For those who saw the trailer and Solomon's vigorous declaration: "I will not fall into despair!" This statement is tragic.  Despair is much of the film's purpose, and by the end the words echoing in my ears were not Solomon's wife's final comfort but instead Epps' wrathful cry in Northup's ear: "I own you!  I own you!" In the end, Solomon Northup survives more than he lives, and we can hardly ask ourselves why after such a display of brutality and evil.

One of my favorite moments takes place at a graveside.  A slave fell dead that afternoon picking cotton, and at the funeral a woman begins to sing "Roll, Jordan Roll".  As the others sing around him, Solomon begins to sing in a pleading, anguished bass voice: "Roll, Jordan, roll--my soul arise in heaven, Lord, for the year that Jordan roll."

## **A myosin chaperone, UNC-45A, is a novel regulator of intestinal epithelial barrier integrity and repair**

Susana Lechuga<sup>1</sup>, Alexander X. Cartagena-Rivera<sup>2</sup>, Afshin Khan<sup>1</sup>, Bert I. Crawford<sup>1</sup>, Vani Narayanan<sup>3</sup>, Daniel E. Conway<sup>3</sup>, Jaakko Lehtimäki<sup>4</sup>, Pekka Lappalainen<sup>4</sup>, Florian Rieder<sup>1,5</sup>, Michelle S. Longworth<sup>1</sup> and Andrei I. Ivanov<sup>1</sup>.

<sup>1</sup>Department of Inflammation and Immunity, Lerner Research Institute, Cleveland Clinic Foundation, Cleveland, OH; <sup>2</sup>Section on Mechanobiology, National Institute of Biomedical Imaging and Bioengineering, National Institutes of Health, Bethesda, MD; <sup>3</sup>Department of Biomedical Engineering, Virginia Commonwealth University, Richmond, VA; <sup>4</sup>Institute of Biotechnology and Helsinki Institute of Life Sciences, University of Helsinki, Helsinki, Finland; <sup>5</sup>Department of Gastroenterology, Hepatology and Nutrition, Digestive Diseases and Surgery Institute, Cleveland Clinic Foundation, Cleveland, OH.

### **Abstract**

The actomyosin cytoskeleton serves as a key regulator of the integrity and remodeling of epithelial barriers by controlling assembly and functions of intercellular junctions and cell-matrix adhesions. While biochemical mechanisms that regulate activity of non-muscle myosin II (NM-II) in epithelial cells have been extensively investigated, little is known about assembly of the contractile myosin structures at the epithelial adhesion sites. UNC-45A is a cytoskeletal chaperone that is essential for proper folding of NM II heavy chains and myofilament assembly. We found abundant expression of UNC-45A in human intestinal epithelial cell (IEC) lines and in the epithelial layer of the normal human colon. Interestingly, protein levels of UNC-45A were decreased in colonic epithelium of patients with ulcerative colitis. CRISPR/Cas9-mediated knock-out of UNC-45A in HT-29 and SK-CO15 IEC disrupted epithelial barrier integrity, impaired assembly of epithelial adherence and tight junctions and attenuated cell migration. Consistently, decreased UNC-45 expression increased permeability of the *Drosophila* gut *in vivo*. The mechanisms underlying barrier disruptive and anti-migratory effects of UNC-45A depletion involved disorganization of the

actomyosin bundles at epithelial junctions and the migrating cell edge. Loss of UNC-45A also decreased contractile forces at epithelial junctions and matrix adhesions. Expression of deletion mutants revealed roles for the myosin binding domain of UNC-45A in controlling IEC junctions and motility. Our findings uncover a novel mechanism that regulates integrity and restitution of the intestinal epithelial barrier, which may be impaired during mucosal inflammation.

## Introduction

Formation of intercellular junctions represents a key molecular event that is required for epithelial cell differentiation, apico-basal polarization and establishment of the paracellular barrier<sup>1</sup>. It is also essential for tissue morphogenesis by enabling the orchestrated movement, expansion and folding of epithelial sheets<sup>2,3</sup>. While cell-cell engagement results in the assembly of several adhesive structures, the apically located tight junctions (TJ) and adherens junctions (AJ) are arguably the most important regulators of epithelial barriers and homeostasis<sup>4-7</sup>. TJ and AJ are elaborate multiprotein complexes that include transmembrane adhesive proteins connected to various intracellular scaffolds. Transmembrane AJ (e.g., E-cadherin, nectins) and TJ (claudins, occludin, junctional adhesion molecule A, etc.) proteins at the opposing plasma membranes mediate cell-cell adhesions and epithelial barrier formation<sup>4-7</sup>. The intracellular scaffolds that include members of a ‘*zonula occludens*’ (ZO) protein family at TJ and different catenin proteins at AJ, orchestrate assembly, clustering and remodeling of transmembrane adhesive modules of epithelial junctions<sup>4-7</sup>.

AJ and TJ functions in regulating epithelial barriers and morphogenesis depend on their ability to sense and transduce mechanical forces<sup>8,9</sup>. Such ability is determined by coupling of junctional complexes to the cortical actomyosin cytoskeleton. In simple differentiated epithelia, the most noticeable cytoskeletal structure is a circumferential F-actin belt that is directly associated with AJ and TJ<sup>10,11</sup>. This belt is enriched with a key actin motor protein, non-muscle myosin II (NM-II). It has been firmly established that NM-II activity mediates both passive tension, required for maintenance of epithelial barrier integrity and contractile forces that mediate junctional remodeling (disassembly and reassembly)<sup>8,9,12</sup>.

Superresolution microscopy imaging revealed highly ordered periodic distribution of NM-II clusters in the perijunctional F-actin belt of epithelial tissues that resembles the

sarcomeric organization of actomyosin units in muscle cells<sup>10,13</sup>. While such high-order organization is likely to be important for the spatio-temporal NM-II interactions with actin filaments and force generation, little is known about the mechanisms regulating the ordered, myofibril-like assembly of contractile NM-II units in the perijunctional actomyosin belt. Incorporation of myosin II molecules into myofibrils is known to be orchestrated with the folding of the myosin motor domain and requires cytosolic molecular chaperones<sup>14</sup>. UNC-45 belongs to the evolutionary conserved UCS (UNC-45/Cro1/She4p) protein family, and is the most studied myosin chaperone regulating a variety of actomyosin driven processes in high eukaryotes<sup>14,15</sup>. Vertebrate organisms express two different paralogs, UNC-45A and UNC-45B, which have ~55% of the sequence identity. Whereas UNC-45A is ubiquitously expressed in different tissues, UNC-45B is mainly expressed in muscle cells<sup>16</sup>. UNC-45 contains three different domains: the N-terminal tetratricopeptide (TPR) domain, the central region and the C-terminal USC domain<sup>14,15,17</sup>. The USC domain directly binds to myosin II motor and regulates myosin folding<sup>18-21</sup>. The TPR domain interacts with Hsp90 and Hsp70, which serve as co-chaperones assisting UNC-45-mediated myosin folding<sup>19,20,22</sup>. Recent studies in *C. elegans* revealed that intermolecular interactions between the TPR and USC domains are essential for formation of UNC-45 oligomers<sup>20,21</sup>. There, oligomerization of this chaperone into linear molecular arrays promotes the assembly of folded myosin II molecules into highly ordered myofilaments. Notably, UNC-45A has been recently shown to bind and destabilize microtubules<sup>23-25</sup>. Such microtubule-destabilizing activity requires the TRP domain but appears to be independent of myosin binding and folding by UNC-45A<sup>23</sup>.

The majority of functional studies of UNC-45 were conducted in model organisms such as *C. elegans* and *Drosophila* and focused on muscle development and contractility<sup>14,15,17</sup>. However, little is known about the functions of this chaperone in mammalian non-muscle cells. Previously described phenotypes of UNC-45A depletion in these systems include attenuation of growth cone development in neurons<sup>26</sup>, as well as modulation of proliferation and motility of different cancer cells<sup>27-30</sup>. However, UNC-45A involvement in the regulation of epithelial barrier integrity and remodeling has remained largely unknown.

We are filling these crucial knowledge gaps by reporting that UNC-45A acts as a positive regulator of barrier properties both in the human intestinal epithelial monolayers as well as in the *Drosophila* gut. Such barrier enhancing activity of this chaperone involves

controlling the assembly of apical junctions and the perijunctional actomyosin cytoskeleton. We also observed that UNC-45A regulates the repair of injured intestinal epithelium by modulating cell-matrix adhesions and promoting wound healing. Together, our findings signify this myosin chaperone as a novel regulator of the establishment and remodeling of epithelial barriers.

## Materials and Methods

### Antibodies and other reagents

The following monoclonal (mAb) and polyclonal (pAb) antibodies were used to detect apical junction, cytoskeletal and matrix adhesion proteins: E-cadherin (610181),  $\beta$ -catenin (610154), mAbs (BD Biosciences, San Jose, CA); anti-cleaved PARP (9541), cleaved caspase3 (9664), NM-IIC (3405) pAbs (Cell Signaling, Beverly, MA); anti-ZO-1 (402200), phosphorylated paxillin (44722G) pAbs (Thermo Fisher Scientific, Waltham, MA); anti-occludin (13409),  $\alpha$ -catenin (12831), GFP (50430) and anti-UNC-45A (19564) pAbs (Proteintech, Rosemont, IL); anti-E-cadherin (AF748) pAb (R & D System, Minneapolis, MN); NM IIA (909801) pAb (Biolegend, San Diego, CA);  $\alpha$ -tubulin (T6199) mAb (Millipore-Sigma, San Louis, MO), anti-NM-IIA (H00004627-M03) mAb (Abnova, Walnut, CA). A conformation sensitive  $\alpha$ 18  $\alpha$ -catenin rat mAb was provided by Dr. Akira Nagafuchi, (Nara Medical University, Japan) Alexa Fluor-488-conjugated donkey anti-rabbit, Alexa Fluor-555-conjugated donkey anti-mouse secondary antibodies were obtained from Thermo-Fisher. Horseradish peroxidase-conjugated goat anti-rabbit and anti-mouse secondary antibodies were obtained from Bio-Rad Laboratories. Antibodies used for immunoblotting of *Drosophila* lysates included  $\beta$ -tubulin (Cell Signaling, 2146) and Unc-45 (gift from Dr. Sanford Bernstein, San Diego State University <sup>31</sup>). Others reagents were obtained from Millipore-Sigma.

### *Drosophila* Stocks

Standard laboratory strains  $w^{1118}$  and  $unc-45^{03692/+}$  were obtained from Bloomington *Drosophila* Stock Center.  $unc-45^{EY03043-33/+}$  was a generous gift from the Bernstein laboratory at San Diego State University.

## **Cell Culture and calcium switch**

But as the film shows in Solomon's many scenes of playing the fiddle as a slave, and in contrast to many Hollywood approaches to racism, music is not life.  Slavery was the birth of the music that shaped America, but like Solomon whipping Tibeats, this kind of music is still protest more than rejoicing.

The lash-marks of slavery may not be much felt in the nation's politics now, but it seems from my limited perspective that they are still felt in the people.  Other non-whites still feel more comfortable than blacks in many aspects of American society.  Black music may dominate above most others, but what about their lives?  Are they (and people of all races) still trying just to survive?  Have we forgotten that we can live?  Are the words of the devil and other men, screaming "I own you!" still ringing in our ears?

I am still digesting '12 Years a Slave'.  I imagine I will for a few more weeks, and I think I will think of it often for many years.  The adage says we are doomed to repeat history if we do not know it, and I think 12 Years a Slave has taught me enough that I will refuse to be powerless.  But goodness gracious, I'm glad that at least some of that is over.

Sunday, April 20, 2014

Prophet Can't Catch A Break